February 24, 2018

Archives for August 2012

How demanding is too demanding?

Group working on a projectIn some relationships, being demanding is (arguably) required to achieve the highest performance—for a coach with an athlete, for a leader with a team, or for a customer with a supplier. A little discomfort may be needed for the greatest achievement. Deliver the leadership people need rather than the leadership they want, they say.

On the other hand, self-generated, intrinsic motivation may be the most sustainable long-term driver of performance.

Being too demanding may risk being counter-productive (as well as uncomfortable) resulting in a lower performance, beyond the peak, as stress, distraction and tension set in.

What’s your experience? How demanding should a coach or a leader or a customer be? How do you tell when you’re overdoing it or when you’re not being demanding enough?

Will they do better with an adversarial approach?

Three businessmen talkingSome prefer an adversarial approach to doing business. They think they’ll do better if they have more room to maneuver at arms length; more opportunity to a present favorable message if they withhold information; more opportunity to attack and defend. Sometimes both sides in the same trading relationship say they want to go down this line.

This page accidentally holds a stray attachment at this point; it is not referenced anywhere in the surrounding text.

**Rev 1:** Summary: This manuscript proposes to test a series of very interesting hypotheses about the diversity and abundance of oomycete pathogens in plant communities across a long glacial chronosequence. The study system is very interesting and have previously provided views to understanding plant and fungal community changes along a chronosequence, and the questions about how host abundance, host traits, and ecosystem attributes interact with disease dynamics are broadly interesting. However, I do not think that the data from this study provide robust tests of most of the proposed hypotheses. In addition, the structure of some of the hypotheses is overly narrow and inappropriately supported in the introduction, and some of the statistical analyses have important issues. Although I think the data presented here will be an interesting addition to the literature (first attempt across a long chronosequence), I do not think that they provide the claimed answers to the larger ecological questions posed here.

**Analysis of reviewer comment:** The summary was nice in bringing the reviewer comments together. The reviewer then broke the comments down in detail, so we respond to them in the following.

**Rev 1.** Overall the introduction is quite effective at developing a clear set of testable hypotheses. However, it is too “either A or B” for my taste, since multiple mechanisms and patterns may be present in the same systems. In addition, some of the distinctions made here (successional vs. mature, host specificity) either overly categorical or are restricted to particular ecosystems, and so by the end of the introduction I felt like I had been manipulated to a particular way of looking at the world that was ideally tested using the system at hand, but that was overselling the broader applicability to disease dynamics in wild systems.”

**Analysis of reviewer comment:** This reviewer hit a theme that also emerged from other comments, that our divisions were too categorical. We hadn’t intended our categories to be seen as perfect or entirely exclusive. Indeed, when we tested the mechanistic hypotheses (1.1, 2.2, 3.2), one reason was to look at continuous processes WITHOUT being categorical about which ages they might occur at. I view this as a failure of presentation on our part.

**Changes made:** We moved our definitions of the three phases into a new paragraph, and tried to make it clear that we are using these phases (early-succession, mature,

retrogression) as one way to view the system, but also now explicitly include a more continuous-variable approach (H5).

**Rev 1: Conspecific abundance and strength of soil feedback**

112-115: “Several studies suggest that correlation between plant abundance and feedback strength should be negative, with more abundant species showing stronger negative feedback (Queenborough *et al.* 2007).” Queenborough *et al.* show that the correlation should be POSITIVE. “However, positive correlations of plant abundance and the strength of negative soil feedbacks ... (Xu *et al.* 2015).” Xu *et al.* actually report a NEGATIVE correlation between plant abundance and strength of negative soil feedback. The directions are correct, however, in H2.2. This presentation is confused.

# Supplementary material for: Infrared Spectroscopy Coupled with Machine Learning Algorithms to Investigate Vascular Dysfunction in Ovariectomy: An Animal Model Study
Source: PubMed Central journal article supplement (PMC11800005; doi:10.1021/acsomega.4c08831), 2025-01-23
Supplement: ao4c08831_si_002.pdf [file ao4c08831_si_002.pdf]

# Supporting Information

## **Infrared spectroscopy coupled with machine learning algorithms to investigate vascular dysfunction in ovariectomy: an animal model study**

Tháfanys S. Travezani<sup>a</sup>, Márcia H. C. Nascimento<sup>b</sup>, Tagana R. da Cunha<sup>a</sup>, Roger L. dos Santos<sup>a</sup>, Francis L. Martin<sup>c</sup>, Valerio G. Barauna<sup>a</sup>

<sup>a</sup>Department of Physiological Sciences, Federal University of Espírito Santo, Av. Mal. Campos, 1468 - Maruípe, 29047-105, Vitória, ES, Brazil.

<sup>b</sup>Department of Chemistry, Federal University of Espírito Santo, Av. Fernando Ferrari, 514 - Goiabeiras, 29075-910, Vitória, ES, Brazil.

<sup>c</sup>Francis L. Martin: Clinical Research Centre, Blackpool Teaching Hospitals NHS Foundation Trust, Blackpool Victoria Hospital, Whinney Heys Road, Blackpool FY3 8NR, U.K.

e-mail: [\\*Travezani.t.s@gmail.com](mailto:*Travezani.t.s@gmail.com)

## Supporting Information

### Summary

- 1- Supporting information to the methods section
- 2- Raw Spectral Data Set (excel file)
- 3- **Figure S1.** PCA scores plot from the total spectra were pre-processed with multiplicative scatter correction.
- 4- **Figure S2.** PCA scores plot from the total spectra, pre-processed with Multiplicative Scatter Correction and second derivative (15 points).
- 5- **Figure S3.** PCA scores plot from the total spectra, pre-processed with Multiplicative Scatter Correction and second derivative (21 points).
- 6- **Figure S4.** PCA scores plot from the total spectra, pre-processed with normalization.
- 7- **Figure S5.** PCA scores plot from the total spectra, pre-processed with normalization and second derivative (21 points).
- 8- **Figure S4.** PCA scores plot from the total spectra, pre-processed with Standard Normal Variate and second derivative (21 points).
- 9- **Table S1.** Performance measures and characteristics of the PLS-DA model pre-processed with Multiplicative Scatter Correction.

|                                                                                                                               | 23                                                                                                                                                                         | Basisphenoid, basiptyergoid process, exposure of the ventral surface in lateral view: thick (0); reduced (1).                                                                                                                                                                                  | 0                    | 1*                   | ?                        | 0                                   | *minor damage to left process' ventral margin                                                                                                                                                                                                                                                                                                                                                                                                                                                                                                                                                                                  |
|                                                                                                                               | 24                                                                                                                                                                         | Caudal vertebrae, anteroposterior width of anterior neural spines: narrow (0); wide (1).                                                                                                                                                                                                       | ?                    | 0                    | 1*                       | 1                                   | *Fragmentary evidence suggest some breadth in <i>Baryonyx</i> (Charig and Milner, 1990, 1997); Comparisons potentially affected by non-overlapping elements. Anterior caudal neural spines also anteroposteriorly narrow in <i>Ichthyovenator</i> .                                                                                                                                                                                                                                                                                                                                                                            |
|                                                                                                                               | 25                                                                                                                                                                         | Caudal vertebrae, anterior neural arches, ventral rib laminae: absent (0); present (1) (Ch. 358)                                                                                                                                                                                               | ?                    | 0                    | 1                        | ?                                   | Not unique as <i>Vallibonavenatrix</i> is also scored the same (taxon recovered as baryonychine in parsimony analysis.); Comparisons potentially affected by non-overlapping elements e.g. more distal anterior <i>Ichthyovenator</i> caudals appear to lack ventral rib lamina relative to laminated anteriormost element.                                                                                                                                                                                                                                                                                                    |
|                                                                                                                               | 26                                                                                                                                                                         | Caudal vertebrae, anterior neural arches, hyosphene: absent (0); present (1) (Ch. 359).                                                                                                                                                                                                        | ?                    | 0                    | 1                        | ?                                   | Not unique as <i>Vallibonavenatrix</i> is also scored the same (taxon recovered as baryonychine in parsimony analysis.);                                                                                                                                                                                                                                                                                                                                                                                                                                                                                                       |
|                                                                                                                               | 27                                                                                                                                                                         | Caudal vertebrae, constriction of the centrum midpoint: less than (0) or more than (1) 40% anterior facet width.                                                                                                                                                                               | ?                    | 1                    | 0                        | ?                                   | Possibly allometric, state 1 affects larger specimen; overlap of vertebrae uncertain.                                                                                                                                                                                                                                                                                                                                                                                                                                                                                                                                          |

They can hardly both be right.

I have some experience of commercial mediation… In almost every case, both litigating parties have been told by their advisers they have a 75% chance of winning in court. From the third party position, this looks a little ridiculous.

As Winston Churchill said with his usual ironical humor, “when making plans for war, it is sometimes necessary to take into account the actions of the enemy.”

Taking a more adversarial line may not be the pushover one might hope.

The making of Gold Medal performance

Jessica EnnisWatching interviews with Gold Medal winners and other Olympic high performers, it’s striking how most of them seem thoroughly pleasant and even ordinary people – very far from the sometime stereotype of winner as warrior. In short, they are profoundly human.

Sure, in the background, there may well be a coach demanding ever higher effort. And it seems that bringing a little more aggression into his game has made a difference for Andy Murray, for example.

Older hands talk about experience bringing the presence of mind to deliver absolute performance as well as winning medals. Younger heads instead sometimes stopping at “merely” beating their rivals.

What this got to do with leadership and people and change and the everyday?

Are top athletes leaders? In the sense of influencing others, and so stimulating change, they clearly are.

So here’s the thing…

The most inspirational Gold Medal winners combine both power and humanity. Neither is enough on its own, for them or for us.